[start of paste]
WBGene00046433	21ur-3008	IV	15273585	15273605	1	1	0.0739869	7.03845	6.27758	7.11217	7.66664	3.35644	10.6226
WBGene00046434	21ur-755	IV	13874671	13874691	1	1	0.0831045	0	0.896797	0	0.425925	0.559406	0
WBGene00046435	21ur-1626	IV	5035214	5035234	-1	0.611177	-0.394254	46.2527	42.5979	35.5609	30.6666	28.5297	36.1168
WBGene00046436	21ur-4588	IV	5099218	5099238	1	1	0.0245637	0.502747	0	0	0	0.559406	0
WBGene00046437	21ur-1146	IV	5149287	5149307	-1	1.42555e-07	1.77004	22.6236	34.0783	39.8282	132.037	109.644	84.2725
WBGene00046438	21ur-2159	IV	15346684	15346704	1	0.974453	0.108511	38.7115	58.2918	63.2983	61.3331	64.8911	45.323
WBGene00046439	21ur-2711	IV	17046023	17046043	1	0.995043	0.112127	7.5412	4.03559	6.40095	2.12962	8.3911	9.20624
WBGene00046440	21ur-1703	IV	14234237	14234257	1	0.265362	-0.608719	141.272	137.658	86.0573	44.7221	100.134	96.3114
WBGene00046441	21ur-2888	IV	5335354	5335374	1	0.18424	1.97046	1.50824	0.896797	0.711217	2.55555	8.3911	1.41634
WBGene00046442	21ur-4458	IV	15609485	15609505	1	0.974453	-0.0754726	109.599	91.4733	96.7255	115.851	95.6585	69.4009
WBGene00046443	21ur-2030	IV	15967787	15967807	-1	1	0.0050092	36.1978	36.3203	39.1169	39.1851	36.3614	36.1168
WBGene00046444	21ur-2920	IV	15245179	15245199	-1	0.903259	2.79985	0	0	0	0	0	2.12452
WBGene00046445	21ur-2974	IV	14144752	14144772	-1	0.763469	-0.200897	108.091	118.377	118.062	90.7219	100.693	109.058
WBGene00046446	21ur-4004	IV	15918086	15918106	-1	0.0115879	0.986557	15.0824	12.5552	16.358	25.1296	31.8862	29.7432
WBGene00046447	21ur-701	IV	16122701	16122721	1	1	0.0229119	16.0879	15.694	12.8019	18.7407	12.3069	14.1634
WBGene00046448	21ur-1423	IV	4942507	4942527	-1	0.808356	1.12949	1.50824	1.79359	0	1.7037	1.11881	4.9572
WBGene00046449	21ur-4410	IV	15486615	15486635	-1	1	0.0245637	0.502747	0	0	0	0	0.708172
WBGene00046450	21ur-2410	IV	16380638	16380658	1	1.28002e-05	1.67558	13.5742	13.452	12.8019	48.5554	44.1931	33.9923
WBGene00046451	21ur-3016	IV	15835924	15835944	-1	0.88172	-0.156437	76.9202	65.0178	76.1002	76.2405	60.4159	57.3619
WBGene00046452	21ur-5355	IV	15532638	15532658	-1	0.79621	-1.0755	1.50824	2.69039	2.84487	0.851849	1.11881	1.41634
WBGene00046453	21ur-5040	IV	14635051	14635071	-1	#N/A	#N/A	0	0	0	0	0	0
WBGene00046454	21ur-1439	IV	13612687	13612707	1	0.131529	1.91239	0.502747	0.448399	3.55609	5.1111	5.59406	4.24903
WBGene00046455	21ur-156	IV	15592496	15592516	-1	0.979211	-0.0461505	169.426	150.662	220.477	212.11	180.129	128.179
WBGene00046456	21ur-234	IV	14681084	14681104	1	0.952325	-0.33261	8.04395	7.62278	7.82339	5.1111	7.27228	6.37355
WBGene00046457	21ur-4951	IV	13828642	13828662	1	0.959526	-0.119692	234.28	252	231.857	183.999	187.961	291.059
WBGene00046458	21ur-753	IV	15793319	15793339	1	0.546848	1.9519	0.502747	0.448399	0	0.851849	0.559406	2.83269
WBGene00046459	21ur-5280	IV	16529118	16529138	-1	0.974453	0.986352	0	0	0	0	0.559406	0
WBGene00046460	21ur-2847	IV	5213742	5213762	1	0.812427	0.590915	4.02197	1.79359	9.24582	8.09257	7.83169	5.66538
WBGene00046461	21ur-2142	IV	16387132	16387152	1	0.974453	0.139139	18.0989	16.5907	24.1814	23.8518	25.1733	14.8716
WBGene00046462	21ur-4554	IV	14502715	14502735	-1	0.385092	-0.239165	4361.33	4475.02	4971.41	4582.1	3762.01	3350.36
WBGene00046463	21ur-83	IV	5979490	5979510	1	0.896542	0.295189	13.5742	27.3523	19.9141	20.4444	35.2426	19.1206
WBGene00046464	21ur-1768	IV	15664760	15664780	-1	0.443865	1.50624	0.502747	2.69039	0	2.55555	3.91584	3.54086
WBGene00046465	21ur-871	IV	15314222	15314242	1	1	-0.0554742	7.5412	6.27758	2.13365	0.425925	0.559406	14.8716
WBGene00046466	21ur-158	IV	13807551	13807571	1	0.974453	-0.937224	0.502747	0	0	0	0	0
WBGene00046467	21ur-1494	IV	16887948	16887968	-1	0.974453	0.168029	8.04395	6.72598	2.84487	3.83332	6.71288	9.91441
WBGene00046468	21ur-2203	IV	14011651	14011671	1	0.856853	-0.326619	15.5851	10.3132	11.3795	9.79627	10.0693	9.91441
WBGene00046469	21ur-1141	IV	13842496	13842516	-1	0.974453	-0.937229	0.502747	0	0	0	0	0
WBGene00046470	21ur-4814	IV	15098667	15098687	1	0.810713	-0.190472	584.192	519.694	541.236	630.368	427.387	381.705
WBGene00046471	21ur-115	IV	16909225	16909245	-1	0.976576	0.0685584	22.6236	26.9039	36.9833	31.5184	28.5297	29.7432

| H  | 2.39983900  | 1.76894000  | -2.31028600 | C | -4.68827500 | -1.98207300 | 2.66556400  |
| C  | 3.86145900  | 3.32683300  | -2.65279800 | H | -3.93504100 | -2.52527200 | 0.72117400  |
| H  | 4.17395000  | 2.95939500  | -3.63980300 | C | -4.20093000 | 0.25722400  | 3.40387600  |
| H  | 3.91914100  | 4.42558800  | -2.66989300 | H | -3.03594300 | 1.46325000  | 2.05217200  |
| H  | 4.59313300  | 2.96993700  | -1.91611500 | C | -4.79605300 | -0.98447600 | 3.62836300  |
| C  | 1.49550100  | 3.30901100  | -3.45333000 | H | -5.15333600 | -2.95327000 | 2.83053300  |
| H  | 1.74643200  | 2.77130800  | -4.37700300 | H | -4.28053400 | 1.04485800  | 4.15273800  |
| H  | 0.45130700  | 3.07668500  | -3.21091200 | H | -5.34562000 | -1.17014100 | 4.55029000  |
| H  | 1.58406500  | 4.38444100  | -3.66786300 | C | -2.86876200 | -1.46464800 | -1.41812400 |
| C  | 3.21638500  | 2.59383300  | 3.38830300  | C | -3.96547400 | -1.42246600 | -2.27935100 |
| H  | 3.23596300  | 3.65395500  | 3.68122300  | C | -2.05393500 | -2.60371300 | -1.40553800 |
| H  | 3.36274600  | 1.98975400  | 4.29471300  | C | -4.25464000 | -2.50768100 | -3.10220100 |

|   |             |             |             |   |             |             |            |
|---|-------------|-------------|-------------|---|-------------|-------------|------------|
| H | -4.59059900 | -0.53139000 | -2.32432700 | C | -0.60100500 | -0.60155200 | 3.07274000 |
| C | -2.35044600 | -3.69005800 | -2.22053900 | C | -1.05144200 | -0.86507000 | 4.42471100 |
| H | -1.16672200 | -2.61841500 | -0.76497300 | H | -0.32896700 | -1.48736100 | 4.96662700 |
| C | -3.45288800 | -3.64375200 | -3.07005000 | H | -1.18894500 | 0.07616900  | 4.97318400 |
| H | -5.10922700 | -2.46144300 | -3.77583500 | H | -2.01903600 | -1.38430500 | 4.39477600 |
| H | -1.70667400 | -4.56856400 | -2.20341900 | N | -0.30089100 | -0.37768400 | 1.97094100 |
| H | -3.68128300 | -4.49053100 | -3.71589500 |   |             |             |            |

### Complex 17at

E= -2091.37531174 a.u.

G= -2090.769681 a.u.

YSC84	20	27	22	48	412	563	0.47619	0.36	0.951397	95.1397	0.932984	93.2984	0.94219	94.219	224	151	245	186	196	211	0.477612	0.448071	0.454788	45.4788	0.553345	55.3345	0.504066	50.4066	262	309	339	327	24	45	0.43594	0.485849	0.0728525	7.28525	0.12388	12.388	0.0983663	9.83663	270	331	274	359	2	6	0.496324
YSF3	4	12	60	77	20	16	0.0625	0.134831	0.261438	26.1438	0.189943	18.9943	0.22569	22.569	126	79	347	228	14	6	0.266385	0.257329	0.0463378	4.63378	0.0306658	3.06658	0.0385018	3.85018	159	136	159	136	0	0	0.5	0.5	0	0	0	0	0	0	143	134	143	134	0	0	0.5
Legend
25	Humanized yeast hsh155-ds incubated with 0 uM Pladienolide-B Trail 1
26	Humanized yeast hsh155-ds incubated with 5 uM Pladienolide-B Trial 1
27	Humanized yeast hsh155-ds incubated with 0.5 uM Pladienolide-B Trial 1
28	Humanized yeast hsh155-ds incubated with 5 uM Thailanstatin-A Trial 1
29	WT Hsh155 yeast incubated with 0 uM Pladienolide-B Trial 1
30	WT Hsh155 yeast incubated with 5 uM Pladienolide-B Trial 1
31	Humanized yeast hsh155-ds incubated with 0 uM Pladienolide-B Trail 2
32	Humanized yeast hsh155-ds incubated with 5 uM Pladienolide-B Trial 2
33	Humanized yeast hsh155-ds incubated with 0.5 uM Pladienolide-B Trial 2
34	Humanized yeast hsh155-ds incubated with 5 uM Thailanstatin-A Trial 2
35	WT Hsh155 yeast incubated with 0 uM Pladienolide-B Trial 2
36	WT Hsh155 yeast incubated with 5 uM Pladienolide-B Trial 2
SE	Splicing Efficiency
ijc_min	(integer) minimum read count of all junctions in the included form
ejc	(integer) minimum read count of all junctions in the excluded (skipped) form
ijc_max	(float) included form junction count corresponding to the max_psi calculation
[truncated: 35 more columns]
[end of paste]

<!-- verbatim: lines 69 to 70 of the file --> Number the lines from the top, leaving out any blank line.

27	Humanized yeast hsh155-ds incubated with 0.5 uM Pladienolide-B Trial 1
28	Humanized yeast hsh155-ds incubated with 5 uM Thailanstatin-A Trial 1